The character depth in “She-Hulk” is not very deep. That’s fine because the show isn’t a character study. It is a legal comedy with different characters from the Marvel cinematic universe jumping in and out of episodes. In some shows, when non-plot things happen it would be considered “filler.” However, since the implied intent of the show was that it was going to be a legal comedy none of it is filler.
Where this stops is all the sections outside of the office. The parts where Jen (“She-Hulk”) is outside of the office are where all the deep character introspection happens. Jen is the only character with any real character development. However, that is fine because she is the main character of the story. Most characters in the stories serve their functions as the“best friend” or “supportive guy at work.” Her charter depth was already touched on so that doesn’t need to be touched on again.
“She-Hulk” is not very original. It is an MCU product through and through. The show borrows characters from other shows and movies. It references the fact that it knows about itself a lot which is a very trendy thing to do in entertainment. It offers self-referential humor, post-irony, and 4th wall breaks. “Rick and Morty,” “The Office,” and many other shows do this. The narrative is simple and cookie-cutter. However, all of this is to say that “She-Hulk” uses the tools it has to make itself more than the sum of its parts.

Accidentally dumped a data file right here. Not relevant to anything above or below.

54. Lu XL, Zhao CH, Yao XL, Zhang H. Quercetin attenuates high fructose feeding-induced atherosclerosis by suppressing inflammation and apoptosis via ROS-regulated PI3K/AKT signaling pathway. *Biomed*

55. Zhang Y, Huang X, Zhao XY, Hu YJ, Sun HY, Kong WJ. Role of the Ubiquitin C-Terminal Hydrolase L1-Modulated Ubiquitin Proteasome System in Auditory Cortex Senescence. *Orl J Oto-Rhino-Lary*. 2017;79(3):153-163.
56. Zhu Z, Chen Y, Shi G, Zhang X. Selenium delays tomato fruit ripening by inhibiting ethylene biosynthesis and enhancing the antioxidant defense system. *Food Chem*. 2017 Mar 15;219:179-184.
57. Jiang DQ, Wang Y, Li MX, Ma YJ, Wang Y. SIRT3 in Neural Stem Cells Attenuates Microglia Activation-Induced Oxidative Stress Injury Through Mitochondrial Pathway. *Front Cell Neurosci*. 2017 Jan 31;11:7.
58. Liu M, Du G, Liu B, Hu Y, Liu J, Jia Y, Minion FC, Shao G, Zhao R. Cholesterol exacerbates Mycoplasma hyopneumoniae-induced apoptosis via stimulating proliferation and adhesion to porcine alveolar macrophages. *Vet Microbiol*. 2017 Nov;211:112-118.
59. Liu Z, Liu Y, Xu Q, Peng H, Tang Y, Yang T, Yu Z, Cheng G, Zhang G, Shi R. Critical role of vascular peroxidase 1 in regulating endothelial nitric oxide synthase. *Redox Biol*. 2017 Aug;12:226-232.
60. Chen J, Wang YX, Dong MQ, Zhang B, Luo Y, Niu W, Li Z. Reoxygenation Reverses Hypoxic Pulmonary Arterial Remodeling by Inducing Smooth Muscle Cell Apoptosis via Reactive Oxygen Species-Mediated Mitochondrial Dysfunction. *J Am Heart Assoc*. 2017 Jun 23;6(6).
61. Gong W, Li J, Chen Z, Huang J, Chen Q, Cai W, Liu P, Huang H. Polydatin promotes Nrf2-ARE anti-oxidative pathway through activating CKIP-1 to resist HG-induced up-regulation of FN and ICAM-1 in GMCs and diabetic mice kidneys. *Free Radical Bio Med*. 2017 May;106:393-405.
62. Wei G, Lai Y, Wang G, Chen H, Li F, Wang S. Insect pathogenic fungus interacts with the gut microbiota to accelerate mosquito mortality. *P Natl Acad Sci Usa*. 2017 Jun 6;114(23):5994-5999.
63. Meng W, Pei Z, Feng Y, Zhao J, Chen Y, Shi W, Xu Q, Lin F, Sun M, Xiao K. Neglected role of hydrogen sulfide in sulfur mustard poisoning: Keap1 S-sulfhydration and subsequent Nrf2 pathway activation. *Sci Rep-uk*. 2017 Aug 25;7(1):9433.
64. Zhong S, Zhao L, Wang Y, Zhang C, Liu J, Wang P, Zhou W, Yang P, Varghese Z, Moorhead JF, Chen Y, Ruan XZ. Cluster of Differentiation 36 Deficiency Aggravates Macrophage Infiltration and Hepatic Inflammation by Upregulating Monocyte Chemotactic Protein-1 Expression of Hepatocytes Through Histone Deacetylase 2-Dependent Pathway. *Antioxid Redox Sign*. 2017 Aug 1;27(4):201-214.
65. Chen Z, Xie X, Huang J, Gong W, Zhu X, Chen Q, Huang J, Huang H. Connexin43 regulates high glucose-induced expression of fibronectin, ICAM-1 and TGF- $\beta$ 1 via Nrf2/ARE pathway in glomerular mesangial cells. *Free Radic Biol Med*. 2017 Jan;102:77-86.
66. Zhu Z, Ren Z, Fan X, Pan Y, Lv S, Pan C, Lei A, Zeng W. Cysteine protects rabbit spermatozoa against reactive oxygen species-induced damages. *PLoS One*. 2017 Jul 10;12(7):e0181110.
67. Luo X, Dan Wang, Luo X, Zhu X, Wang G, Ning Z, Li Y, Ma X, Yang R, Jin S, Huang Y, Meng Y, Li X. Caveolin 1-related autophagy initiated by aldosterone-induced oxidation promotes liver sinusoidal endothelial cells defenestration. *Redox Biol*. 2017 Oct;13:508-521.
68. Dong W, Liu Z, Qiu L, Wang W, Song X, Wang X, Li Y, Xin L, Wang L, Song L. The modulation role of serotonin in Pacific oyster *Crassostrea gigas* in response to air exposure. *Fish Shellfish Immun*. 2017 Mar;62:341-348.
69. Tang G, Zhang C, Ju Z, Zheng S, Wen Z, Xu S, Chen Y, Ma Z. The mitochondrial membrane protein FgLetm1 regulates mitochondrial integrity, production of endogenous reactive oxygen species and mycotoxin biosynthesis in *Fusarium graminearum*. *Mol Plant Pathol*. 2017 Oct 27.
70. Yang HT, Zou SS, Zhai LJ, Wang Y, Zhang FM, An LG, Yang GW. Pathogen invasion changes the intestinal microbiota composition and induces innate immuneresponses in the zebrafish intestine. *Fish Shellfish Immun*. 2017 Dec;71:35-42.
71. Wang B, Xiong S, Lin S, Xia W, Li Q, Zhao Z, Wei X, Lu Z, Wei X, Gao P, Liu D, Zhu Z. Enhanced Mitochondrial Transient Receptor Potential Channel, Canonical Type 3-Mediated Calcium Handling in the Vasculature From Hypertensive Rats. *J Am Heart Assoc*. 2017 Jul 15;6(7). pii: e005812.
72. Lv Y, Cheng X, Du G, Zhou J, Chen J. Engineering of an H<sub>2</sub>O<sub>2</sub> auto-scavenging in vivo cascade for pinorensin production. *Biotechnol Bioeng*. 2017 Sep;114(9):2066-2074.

Pacing and structure
“She-Hulk” has 9 episodes. Some of which could be cut down to a smaller size. None of the actual episodes needs to be cut but a lot of the time used in some of the episodes could be used better. Some segments just could feel too long. However, that may be the bias of a person that watched it as it was coming out. It may feel better paced if watched all at the same time. The Disney format of Marvel TV shows being 6 to 9 episodes produces the feeling that the story is being dragged out for weekly views.
The visuals in “She-Hulk” aren’t too bad. There is some change in scenery every couple of episodes. There are the cold hard walls of the metahuman prison, the greenery of the abomination’s retreat, and the bland and beige colors of Jen’s office. The dark and dangerous alley she found herself in, in one of the earliest episodes. There is a lot of change in scenery in “She-Hulk” but no outstanding shots of great cinematography. “She-Hulk” isn’t trying to be an artistic masterpiece so it wouldn’t be fair to set extremely high expectations knowing good and well that “She-Hulk” won’t be able to meet them. It looks like TV show which was what it was trying to look like, so that’s fine.
“She-Hulk” is a show about identity. Jennifer Walters is a character who struggles with identity. She struggles with her place in the world. She wrestles with whether or not she wants to be a hero. “She-Hulk” is ultimately about struggle. The social commentary within the show hits hard. It depicts the daily life of a woman just trying to survive in a man’s world. In almost every episode of the show, she comes up against misogynistic behavior and has to persevere. It is an ever-present shadow that makes its presence known in every episode. Put simply, misogyny is the main villain of “She-Hulk”.
‘She-Hulk’ is a solid 7.5 out of 10
Overall it is a decent show. It has its ups and downs but is a nice time generally. It isn’t the waste of time that a lot of people thought it was going to be. Jennifer Walters is a great addition to the Marvel Cinematic Universe as a hero and a decent addition to a TV show. Disney knows what they are doing with these TV shows. They aren’t all great, but “She-Hulk” is kinda good.
Written by Kenneth Mazerat